Monday, March 26, 2012

Curriculum Resource: Food Rules Animated with Actual Food

Regular readers of this blog know that Michael Pollan's book, The Omnivore's Dilemma, changed my life.  After reading that book, I dramatically changed what food I bought and where I bought it as part of my ongoing effort to reduce our family's carbon footprint.  I think it is an incredibly important book, and I urge everyone to read it in order to understand why our current food choices are not environmentally sustainable.

Pollan followed up that book and his In Defense of Food book with a guideline for what we SHOULD be eating entitled Food Rules:An Eater's Manual.  This distills his advice about what foods we should be eating, both for our own health and the health of the planet.

Now animators Marija Jacimovic and Benoit Detalle have created a short video of a talk on Food Rules that Michael Pollan gave.  His words are accompanied by a stop animation film using food itself to illustrate his points.....which I think is really kind of great.

So if you haven't read the books, at least start the ball rolling by watching the following video:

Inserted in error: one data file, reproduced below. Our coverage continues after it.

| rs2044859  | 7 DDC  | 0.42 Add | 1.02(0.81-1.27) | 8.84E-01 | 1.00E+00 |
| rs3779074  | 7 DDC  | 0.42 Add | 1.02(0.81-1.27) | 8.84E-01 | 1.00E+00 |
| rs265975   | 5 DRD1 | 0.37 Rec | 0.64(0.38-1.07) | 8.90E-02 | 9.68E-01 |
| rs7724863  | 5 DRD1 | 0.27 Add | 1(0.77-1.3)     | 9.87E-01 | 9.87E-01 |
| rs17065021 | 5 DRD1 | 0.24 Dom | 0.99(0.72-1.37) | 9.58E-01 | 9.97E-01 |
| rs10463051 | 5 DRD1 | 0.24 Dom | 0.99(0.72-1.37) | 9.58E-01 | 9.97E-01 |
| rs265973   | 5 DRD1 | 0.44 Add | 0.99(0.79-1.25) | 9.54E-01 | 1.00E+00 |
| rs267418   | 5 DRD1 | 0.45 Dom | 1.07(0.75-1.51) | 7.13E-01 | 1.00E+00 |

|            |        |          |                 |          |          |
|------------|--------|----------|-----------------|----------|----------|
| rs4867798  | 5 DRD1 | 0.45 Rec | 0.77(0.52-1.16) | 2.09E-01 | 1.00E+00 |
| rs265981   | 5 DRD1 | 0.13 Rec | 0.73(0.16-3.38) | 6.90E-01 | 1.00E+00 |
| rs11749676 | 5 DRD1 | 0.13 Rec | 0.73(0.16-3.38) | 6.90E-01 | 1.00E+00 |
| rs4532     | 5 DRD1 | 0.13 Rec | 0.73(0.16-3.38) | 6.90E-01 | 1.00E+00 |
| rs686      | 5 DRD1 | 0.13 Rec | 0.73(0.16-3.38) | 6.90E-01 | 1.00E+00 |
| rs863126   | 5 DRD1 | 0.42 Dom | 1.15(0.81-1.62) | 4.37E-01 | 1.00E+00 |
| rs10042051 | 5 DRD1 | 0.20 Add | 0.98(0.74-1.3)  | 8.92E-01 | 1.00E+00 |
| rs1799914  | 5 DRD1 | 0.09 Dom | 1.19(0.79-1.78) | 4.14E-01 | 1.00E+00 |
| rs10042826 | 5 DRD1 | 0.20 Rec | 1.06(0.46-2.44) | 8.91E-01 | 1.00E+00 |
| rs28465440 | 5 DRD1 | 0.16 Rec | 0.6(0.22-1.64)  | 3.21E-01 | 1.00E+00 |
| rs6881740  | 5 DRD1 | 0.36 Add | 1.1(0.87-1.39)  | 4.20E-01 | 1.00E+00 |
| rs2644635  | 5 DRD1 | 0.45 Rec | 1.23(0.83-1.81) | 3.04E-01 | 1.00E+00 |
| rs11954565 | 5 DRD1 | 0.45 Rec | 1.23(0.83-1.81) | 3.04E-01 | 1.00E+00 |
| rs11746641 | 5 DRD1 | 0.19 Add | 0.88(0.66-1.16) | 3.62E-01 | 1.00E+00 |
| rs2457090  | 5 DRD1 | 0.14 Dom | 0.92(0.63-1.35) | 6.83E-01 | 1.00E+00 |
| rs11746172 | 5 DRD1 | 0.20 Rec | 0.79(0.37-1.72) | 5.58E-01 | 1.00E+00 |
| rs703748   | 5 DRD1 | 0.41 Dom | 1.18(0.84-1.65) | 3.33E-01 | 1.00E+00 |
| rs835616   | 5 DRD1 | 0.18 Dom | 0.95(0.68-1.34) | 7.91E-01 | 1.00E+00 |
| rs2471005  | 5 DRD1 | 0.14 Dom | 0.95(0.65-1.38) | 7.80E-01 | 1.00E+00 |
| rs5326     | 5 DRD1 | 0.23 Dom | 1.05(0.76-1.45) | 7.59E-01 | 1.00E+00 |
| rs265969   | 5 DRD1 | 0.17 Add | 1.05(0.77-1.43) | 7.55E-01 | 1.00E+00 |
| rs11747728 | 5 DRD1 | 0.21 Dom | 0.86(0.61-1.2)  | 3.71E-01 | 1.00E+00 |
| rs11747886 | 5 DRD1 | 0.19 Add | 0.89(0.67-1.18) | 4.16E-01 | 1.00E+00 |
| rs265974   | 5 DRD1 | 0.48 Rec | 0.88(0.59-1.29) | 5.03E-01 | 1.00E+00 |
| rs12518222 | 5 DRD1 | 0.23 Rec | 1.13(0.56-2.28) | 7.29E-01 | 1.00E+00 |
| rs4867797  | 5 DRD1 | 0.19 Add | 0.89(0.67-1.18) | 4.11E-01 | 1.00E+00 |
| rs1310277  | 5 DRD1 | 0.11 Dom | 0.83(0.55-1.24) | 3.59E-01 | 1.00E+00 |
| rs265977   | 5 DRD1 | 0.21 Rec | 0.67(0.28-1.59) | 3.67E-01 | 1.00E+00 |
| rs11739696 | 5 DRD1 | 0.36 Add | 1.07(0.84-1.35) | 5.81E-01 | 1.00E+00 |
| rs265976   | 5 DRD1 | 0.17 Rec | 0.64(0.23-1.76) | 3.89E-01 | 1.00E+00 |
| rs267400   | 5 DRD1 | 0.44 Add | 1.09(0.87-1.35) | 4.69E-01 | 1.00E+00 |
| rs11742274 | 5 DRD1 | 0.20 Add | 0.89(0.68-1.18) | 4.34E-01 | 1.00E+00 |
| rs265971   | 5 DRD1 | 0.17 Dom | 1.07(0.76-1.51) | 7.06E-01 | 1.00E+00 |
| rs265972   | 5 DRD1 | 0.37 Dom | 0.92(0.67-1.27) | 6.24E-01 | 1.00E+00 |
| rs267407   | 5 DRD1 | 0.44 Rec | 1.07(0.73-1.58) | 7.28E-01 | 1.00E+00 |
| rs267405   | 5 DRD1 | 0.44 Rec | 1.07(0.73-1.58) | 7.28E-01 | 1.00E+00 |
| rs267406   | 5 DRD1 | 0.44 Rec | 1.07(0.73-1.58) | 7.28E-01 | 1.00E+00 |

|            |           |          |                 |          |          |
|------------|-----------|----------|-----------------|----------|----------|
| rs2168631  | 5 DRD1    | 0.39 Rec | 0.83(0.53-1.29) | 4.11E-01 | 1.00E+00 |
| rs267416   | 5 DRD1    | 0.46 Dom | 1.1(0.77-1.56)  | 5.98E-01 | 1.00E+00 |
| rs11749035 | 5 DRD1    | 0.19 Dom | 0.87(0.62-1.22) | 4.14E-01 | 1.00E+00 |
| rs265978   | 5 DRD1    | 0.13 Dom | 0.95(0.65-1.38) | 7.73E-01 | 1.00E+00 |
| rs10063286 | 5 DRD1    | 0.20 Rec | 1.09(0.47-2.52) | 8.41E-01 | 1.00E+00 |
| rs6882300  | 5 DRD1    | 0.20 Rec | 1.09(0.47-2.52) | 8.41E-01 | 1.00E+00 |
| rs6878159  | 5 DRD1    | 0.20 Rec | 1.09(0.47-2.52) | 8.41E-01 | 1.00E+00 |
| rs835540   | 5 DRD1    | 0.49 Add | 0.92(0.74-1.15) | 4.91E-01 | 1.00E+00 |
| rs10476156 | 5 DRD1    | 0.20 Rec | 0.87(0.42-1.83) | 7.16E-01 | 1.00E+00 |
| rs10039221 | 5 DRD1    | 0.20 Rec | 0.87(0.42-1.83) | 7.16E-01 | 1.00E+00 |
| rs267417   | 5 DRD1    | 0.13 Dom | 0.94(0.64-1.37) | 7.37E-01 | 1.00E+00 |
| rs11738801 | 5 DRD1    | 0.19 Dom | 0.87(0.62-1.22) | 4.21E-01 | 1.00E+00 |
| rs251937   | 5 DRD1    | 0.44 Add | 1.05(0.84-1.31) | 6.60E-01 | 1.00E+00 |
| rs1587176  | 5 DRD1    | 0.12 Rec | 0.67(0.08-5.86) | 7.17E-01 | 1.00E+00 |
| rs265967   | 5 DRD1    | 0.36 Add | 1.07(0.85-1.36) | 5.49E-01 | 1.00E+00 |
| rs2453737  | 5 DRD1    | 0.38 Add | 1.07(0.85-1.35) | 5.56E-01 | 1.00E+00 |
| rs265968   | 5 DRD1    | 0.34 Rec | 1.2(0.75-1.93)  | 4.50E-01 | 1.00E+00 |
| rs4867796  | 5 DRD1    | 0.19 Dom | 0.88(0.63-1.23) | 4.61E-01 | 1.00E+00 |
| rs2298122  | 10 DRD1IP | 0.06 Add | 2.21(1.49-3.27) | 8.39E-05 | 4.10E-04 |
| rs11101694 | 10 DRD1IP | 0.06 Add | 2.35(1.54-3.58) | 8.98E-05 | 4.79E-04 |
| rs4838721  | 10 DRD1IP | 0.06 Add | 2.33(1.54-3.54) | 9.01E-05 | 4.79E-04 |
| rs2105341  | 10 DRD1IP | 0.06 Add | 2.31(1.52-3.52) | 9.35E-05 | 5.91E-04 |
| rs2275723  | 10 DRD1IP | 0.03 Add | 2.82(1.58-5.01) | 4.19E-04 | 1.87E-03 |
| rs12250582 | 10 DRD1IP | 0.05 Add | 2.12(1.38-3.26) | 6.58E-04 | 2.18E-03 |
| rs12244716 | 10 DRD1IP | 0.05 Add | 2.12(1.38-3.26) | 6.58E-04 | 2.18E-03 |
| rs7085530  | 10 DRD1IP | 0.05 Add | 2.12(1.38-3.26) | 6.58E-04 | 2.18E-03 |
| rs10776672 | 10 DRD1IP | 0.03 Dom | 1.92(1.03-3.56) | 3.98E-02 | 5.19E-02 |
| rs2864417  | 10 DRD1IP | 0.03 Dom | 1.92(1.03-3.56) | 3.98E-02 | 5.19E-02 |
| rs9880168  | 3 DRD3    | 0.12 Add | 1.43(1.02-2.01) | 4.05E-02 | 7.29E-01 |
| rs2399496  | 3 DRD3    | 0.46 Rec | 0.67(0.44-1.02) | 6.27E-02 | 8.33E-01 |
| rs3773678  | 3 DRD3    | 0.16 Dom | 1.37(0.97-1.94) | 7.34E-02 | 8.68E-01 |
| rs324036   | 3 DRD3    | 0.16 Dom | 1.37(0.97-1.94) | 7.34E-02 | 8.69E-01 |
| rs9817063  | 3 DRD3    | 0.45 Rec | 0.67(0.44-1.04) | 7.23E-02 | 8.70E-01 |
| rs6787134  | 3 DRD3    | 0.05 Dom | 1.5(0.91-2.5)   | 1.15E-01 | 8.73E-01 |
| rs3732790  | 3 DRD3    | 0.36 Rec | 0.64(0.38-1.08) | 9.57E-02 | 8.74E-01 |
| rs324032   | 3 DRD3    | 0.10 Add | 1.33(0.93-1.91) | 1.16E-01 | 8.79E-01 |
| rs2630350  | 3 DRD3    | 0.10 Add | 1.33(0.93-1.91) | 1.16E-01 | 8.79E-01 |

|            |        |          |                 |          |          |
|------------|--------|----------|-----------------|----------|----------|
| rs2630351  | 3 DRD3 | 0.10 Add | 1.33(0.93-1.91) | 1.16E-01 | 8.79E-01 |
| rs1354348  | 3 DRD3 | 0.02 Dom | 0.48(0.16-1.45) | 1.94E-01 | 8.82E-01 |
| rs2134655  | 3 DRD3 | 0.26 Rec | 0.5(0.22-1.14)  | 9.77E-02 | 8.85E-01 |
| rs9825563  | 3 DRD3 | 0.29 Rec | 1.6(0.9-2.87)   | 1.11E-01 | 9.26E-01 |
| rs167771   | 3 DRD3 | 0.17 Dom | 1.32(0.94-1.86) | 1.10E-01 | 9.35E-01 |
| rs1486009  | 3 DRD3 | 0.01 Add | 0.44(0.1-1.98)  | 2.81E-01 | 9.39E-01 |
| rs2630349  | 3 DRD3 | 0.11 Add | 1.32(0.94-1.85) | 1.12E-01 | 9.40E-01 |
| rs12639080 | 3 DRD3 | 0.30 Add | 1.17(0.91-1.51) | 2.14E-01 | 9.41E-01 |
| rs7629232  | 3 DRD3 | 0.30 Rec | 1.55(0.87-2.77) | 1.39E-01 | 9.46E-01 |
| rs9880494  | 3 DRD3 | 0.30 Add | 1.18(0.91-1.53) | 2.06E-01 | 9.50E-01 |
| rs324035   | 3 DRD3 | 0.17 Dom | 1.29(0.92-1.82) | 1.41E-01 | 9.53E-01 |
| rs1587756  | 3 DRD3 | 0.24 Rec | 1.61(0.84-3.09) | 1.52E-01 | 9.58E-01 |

Michael Pollan's Food Rules from Marija Jacimovic on Vimeo.

We are talking about these kinds of issues in our Healing Oceans Together environmental group/educational coop.   But the books themselves raise issues that relate to many different disciplines, including biology, physics, chemistry, economics, political science, history.

I see these books relating to the posts I had last week about imagining the future and issues with STEM education.  They raise serious and potentially disasterous questions about our food production system, the breakdown of which could lead to our middle school students' future in competing for food in their own version of a "Hunger Game."  However, Pollan remains optimistic about things we could do differently, and does provide do-able suggestions for making better food choices.  So, as Maria raised in the comments, it does make our middle schoolers aware of potential problems in their future, but gives them reasons to hope and suggestions for things to do to improve the situation.

It is certainly a topic that can make many of these subjects very real to our students.

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